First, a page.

A previous post on Functions features resources aimed at older students; I thought it would be useful to look at resources for teaching younger students.

For an excellent introduction the PhET Simulation, Function Builder provides a very visually appealing resource. Using the pattern option even very young students could explore important concepts. This is very intuitive to use, the slides in the following slideshow demonstrate examples of its use. Note that teachers can register with PhET and gain access to supporting documentation.

Desmos can be used very simply to illustrate function notation and note the use of Desmos as a calculator to evaluate the value of a function for a given input.

Functions - Desmos. Select image for graph page

Functions – Desmos. Select image for graph page

As always CIMT is worth a search; we find:

CIMT Interactive Materials - Functions

CIMT Interactive Materials – Functions

In the interactive materials for year 7: Unit 16 Section 2: Function Machines and there is also a section in the associated text (16.2). All CIMT resources are free to access, a small number of documents such as text answers are password protected, you can obtain the CIMT password. These exercises could be used as an introduction and students also shown function notation. They could write the functions described by the function machines using f(x) notation.

On Transum, try this online exercise on function notation, inverse functions and composite functions.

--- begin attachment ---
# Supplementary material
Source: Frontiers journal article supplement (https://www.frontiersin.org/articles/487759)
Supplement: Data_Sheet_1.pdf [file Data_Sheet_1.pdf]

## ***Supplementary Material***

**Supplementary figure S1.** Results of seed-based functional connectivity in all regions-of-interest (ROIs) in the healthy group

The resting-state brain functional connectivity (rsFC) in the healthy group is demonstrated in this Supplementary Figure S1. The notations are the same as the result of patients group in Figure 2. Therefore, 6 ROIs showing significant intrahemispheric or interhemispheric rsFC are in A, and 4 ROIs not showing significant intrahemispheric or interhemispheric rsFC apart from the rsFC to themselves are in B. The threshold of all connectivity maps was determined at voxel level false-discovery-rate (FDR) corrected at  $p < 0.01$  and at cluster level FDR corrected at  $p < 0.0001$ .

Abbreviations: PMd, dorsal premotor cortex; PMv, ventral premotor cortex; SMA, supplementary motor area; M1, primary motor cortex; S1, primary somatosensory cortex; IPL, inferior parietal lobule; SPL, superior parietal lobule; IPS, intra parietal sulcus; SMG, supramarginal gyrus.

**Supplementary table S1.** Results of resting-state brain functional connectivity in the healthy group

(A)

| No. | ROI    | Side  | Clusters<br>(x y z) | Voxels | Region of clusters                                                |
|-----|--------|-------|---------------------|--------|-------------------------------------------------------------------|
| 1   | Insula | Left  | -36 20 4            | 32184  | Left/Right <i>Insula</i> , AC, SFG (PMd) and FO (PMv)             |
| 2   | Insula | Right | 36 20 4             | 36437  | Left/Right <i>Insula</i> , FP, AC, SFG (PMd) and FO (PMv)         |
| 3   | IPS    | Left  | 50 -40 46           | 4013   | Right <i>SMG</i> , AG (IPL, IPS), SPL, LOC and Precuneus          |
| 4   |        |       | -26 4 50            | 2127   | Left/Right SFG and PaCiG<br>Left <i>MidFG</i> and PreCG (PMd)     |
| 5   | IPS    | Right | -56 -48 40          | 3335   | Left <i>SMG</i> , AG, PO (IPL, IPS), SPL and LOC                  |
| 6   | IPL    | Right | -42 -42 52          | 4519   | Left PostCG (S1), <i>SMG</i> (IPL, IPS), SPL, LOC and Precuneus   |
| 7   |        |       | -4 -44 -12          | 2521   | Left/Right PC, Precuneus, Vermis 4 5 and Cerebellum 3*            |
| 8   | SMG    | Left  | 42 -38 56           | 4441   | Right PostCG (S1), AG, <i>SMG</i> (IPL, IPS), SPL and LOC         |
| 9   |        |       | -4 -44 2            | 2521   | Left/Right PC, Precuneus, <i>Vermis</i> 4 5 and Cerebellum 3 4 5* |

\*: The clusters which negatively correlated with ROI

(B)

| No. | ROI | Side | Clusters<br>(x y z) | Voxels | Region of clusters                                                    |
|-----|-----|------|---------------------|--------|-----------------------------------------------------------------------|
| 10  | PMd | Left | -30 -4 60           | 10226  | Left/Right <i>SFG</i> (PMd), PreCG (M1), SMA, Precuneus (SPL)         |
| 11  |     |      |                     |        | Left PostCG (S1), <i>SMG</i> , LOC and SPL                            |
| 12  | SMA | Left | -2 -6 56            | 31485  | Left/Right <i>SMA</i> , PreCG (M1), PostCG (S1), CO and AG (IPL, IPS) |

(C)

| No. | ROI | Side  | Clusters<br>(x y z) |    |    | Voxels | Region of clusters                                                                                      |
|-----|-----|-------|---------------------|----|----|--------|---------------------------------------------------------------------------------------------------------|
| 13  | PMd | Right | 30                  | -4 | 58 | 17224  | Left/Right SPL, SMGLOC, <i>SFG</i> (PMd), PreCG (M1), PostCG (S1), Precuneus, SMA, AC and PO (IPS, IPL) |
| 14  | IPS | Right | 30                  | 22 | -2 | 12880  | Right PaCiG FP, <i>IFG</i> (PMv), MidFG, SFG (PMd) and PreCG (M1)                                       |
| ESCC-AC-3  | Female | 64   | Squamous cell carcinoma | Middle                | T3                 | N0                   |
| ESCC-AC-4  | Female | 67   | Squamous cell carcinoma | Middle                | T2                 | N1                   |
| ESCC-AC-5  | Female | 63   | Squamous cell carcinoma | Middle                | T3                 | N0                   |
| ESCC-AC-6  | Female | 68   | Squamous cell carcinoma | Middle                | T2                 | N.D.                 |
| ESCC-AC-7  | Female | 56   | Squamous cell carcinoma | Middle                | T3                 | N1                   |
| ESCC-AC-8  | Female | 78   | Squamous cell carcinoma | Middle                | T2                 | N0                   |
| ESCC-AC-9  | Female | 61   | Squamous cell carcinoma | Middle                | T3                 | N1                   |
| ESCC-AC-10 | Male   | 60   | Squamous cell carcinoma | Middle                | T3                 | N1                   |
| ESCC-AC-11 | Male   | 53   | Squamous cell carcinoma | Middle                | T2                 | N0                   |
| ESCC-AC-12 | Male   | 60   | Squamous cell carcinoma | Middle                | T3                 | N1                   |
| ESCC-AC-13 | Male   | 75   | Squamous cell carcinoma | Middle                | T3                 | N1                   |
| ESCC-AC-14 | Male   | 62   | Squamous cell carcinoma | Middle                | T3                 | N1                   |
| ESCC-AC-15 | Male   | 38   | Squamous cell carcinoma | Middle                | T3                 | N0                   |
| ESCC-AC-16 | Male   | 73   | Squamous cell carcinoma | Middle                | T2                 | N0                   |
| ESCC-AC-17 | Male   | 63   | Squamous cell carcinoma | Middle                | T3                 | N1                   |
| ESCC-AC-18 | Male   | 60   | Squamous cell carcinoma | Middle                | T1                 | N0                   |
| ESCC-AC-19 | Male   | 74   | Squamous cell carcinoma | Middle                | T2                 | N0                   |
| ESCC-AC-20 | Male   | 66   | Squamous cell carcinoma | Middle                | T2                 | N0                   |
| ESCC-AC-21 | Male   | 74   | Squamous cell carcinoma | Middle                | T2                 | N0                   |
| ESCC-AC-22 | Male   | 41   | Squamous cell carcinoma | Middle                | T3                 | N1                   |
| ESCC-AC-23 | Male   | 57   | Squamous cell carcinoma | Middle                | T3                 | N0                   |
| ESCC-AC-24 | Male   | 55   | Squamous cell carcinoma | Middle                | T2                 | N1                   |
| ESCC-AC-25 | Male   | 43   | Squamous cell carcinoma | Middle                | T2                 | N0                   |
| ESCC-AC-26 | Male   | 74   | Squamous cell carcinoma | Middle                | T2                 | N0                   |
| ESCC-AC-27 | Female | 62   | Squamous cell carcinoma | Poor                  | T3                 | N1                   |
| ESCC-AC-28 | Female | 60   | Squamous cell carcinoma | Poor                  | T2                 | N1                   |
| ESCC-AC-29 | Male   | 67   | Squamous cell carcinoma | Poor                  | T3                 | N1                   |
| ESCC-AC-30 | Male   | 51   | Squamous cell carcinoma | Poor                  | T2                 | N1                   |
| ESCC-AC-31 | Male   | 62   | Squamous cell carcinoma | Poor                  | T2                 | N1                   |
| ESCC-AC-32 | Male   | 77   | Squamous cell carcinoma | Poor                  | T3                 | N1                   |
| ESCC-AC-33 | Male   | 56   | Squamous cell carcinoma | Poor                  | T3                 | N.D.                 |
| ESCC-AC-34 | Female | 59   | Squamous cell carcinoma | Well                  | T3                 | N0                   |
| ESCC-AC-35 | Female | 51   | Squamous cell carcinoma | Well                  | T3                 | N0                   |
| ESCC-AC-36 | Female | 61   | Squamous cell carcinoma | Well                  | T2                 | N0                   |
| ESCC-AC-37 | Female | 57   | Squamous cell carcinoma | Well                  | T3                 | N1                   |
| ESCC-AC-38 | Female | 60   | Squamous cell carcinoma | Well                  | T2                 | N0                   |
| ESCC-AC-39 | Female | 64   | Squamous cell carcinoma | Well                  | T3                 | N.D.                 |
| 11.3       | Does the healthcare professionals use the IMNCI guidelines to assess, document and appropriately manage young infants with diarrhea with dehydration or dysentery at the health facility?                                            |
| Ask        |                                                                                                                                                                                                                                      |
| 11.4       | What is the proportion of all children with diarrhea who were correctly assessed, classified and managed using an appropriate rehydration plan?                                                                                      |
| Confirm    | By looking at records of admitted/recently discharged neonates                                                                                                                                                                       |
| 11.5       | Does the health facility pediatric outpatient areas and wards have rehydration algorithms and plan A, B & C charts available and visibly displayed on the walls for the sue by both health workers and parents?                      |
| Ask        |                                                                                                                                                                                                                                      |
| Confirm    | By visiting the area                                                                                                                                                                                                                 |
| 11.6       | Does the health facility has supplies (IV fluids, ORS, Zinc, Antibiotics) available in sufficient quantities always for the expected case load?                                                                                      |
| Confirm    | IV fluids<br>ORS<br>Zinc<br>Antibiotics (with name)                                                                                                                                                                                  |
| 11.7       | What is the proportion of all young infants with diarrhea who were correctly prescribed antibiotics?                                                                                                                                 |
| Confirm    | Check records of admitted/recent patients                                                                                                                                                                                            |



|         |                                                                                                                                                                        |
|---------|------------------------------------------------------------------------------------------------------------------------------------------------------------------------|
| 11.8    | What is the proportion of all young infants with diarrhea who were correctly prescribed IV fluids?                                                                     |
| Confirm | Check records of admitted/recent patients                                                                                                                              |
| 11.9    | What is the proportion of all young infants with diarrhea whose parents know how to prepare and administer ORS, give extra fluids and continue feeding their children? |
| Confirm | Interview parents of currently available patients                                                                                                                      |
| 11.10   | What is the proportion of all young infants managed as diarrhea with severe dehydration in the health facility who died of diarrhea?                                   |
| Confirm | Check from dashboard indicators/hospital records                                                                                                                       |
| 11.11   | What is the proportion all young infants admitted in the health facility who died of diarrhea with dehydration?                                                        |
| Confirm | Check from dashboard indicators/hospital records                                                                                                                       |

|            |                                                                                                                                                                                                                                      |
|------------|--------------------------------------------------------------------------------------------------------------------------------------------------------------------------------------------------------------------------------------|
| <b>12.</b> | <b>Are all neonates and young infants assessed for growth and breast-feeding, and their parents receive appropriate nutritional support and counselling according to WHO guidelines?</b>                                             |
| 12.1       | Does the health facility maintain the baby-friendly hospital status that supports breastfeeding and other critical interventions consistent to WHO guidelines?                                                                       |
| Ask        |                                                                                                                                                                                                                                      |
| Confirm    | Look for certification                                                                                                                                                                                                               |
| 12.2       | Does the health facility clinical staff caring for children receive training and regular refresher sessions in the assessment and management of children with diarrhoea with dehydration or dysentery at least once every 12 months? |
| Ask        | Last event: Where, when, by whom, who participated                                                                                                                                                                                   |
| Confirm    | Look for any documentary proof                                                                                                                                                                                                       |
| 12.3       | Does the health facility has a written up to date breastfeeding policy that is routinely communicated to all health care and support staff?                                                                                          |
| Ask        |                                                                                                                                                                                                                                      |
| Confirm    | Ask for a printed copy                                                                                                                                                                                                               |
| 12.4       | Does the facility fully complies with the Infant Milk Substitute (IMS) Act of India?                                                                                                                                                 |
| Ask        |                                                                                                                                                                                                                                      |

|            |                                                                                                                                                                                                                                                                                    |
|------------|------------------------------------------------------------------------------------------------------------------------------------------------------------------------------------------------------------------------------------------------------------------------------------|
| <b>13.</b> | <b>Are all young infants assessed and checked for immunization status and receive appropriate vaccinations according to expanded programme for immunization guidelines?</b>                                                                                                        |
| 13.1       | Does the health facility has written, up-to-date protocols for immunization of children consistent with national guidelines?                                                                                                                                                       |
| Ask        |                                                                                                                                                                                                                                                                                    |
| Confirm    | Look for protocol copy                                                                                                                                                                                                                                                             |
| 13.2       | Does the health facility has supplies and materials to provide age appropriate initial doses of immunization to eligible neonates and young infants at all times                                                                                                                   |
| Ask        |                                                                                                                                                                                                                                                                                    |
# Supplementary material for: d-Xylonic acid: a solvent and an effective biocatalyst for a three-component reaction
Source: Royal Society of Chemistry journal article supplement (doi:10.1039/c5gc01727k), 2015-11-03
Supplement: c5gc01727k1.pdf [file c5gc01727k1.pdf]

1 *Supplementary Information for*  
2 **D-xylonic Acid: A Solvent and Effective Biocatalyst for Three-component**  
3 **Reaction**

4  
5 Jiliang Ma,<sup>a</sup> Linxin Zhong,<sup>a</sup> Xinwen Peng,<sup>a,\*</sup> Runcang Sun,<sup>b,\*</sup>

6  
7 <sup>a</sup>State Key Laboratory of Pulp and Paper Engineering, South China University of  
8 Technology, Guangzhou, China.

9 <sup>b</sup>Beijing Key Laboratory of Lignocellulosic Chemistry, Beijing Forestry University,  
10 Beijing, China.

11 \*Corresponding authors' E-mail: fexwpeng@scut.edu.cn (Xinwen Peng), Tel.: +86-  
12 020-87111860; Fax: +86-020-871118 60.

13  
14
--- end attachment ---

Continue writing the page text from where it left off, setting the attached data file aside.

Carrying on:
Functions - Transum

Transum – Functions

On Maths Genie, under Grade 7, we have Inverse and Composite Functions. You will find some revision examples and also exam questions with solutions.

Maths Genie Functions

Maths Genie – Inverse and Composite Functions

From Don Steward, try these lovely questions on Compound Functions.
Don Steward Functions

TES Functions

TES Resources – Functions

On TES, this Crossnumber from cbarthur is an ideal resource for becoming familiar with function notation. Also on TES from Owen134866 we have a set PowerPoint resources including an introduction to f(x) notation for GCSE students.

AQA Bridging the Gap

AQA Bridging the Gap

The AQA Bridging the Gap resources includes a resource on introducing function notation; these resources are ideal for students who have completed the previous KS3 programmes of study but will be studying the new GCSE courses.

OCR GCSE 9-1 Check in tests

OCR GCSE 9-1 Check in tests

From OCR, it strikes me that the Check in tests will be very useful in KS3, consider the language of functions for example, the first questions could be used for students as young as Year 7 (age 11-12).




On Exam Solutions you will find an introduction to f(x) notation.

For further information on new content at GCSE see this page.

Plenary Tweets

Discovering a novel idea for a plenary via Twitter recently, a UKEdChat resource by @grahamandre I thought I would try the idea with my very able Year 9 class (the same wonderful class I mentioned some time ago who gave their views on Good Maths Teachers).

I should mention that “Somewhere over the 2a” is part of some lyrics by one of my colleagues sung to the tune of “Somewhere Over the Rainbow!”

In the first part of this lesson I used one of my mini-tests to review the key points for solving quadratic equations. When we reviewed the solutions I also used Desmos to illustrate some of the answers and for these students, the first year who will tackle the new GCSE course made sure I used function notation! This time I told them that I was using the mini test to review the material we have been studying and that they should try and create a useful revision resource by noting the questions carefully and annotating their answers clearly, adding to them where necessary when we reviewed the material. They know I will be looking at their books early this coming week.

I was of course particularly pleased at some of those hash tags!
#enlightened with the mini-test

and of course  #winning    and #maths is fun